Maternal alcohol intake around the time of conception causes glucose intolerance and insulin insensitivity in rat offspring, which is exacerbated by a postnatal high-fat diet.
FASEBJ, 29(7):2690-701.
URL: Gardebjer et al, 2015

O’Sullivan L, Cuffe JS, Koning A, Singh RR, Paravicini TM, Moritz KM.
Excess prenatal corticosterone exposure results in albuminuria, sex-specific hypotension, and altered heart rate responses to restraint stress in aged adult mice.
Am J Physiol Renal Physiol, 308(10):F1065-73.
URL: O'Sullivan et al, 2015

Cuffe JS, Steane S, Moritz KM, Paravicini TM.
Differential mRNA expression and glucocorticoid-mediated regulation of TRPM6 and TRPM7 in the heart and kidney throughout murine pregnancy and development.
PloS One, 10(2):e0117978.
URL: Cuffe et al, 2015


Cuffe JS, Walton SL, Steane SE, Singh RR, Simmons DG, Moritz KM.
The effects of gestational age and maternal hypoxia on the placental renin angiotensin system in the mouse.
Placenta, 35(11):953-61
URL: Cuffe et al, 2014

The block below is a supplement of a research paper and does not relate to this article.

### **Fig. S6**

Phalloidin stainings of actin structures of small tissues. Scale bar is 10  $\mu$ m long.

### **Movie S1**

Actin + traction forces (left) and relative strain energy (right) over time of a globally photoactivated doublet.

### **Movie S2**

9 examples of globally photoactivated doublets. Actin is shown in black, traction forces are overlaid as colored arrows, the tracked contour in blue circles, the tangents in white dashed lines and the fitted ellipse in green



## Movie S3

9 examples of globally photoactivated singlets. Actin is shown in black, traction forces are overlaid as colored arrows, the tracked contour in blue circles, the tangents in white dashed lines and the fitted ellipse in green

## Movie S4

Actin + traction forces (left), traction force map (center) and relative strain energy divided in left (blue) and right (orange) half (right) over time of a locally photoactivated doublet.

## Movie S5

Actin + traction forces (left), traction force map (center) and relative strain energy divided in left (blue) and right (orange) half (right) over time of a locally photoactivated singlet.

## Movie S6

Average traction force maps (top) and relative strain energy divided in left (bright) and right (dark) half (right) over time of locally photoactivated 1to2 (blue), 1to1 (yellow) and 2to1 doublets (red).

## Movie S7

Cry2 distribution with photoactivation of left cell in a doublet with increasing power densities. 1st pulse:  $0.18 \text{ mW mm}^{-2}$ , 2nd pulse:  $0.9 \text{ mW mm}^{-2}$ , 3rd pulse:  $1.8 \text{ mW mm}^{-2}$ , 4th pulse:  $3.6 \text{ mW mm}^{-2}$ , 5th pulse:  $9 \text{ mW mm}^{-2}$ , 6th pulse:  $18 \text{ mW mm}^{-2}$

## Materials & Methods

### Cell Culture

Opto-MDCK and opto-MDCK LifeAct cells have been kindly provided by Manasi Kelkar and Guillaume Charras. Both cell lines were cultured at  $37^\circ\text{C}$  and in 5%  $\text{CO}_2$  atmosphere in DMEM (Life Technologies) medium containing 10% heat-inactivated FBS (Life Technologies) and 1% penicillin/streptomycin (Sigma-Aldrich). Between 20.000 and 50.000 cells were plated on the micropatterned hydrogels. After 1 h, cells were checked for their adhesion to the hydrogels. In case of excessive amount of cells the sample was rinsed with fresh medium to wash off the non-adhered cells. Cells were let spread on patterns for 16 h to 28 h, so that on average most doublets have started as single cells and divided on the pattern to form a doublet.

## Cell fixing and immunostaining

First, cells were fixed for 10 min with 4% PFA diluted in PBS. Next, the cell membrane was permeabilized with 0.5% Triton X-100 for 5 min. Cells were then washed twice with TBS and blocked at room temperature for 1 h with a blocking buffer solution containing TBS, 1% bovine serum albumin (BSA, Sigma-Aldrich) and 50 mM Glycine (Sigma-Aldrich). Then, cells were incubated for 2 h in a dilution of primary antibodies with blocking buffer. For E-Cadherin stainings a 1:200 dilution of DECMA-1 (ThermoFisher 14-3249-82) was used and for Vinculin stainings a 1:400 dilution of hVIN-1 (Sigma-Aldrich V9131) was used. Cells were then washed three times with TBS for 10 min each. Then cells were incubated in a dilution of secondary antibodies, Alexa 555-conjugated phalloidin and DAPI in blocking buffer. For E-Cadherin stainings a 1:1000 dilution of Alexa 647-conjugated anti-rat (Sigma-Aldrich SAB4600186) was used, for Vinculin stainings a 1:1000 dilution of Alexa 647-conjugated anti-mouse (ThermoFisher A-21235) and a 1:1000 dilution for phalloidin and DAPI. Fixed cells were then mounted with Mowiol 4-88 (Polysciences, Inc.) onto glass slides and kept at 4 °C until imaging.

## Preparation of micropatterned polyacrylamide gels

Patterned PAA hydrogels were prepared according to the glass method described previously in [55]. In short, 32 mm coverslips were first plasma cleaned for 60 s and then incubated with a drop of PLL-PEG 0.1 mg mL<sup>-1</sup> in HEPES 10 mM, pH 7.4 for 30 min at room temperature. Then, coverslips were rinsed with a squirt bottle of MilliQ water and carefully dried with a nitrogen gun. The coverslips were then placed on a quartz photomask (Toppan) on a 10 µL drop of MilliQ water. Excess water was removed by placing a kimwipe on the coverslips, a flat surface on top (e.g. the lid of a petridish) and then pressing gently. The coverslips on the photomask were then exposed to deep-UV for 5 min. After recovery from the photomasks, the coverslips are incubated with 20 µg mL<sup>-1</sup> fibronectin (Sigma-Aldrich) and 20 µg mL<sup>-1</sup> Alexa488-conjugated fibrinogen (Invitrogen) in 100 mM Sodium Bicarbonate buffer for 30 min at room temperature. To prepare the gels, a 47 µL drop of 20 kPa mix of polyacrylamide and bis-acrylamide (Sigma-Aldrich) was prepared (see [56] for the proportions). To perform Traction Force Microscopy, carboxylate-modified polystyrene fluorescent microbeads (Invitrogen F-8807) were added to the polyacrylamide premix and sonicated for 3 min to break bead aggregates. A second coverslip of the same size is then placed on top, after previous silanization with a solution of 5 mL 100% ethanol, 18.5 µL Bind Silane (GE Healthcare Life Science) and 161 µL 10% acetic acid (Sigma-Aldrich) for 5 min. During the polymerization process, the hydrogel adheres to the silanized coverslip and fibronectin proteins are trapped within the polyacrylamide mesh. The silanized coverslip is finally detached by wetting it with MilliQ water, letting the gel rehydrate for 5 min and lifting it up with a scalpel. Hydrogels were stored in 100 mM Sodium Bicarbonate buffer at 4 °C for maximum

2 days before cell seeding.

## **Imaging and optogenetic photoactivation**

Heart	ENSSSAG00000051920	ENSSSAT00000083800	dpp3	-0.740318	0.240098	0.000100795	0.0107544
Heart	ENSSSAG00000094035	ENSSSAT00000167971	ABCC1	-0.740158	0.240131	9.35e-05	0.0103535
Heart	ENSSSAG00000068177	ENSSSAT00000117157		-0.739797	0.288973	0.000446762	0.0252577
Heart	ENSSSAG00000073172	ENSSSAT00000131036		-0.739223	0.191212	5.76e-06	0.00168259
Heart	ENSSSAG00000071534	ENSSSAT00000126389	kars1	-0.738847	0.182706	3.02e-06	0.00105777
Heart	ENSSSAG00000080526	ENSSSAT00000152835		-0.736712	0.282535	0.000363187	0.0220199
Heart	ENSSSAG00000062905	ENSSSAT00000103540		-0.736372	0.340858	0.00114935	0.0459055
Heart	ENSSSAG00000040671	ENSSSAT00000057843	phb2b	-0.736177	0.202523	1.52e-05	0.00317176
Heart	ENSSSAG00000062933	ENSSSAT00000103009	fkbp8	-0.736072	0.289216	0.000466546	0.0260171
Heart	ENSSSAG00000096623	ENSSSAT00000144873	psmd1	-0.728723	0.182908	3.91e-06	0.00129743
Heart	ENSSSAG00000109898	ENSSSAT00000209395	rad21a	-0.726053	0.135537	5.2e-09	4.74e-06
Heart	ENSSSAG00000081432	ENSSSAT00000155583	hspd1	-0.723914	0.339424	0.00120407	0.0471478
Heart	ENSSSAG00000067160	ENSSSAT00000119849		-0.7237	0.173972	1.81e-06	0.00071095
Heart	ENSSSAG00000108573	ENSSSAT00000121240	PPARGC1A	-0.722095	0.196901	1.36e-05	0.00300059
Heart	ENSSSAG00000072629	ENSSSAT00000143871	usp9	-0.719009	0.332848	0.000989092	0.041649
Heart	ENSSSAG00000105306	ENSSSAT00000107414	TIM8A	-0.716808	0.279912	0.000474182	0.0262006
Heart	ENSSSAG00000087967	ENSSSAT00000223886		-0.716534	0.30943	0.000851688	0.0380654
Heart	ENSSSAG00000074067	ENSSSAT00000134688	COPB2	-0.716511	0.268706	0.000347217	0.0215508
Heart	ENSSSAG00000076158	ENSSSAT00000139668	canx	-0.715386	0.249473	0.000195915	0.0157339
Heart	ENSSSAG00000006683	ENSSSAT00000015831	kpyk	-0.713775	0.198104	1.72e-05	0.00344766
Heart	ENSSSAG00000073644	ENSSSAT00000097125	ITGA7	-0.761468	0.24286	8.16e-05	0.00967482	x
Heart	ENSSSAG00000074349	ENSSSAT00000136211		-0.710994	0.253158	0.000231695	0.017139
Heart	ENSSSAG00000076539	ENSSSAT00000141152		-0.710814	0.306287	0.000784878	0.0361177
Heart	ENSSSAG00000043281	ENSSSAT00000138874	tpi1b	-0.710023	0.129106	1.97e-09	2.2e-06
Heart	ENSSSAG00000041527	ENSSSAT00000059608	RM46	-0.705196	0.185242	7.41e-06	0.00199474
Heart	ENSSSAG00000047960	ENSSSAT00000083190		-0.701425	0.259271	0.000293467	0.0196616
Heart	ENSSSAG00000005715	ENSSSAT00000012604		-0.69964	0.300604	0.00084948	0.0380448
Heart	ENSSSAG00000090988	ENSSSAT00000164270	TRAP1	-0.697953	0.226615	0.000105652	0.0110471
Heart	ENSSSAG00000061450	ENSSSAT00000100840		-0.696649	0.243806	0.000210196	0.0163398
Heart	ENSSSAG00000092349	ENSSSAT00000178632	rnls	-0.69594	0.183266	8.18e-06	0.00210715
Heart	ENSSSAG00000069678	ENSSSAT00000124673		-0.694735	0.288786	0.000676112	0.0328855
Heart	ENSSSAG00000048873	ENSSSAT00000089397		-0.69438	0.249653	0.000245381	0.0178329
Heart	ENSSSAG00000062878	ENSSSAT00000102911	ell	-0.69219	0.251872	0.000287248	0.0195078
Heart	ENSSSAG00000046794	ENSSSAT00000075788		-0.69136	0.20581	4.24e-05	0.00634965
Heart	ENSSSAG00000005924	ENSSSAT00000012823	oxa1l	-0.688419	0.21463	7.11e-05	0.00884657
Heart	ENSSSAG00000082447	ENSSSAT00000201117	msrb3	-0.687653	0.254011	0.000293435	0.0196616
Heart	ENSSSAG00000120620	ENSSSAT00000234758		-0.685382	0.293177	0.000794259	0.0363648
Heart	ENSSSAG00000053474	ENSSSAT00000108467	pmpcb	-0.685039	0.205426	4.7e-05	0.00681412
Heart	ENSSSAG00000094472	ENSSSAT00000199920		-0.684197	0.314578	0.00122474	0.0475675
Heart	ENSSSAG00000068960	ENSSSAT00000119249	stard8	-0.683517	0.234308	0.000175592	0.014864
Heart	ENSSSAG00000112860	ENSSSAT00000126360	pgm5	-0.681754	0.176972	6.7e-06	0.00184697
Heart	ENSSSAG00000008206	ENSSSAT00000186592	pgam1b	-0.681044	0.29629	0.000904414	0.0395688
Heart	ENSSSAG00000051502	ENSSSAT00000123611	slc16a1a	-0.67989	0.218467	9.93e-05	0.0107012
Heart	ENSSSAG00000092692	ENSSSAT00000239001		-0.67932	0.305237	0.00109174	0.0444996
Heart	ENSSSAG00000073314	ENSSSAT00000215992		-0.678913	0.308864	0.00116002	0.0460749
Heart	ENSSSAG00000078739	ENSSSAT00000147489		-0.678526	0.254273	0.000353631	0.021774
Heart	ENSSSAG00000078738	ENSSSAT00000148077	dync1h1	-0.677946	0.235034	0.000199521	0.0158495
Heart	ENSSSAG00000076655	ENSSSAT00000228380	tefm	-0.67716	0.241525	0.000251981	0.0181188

Nguyen VB, Probyn ME, Campbell F, Yin KV, Samuel CS, Zimanyi MA, Bertram JF, Black MJ, Moritz KM.
Low-dose maternal alcohol consumption: effects in the hearts of offspring in early life and adulthood.
Physiol Rep, 2(7):e12087.
URL: Nguyen et al, 2014

Cuffe JS, Walton SL, Singh RR, Spiers JG, Bielefeldt-Ohmann H, Wilkinson L, Little MH, Moritz KM.
Mid- to late term hypoxia in the mouse alters placental morphology, glucocorticoid regulatory pathways and nutrient transporters in a sex-specific manner.
J Physiol, 592(14):3127-41.
URL: Cuffe et al, 2014

Gardebjer EM, Cuffe JS, Pantaleon M, Wlodek ME, Moritz KM.
Periconceptional alcohol consumption causes fetal growth restriction and increases glycogen accumulation in the late gestation rat placenta.
Placenta, 35(1):50-7.

URL: Gardebjer et al, 2014

Complete List of Moritz Lab Publications

To access the full list of publications from the Moritz lab, please visit our NCBI My Bibliography.

Dr David Simmons
School of Biomedical Sciences
Mater Medical Research Institute
Translational Research Institute
The University of Queensland

Dr Marloes Nitert Dekker
School of Chemistry and Molecular Biosciences
Centre for Clinical Research
The University of Queensland

Dr Oliver Raweshdeh
School of Biomedical Sciences
The University of Queensland

Prof Mary Wlodek
Department of Physiology
The University of Melbourne

Prof Vicki Clifton
Mater Medical Research Institute
Translational Research Institute
The University of Queensland

Dr Joan Li
Australian Institute for Bioengineering and Nanotechnology
The University of Queensland 

Find out more about our research environment and how to apply to do a short or long-term research project with us.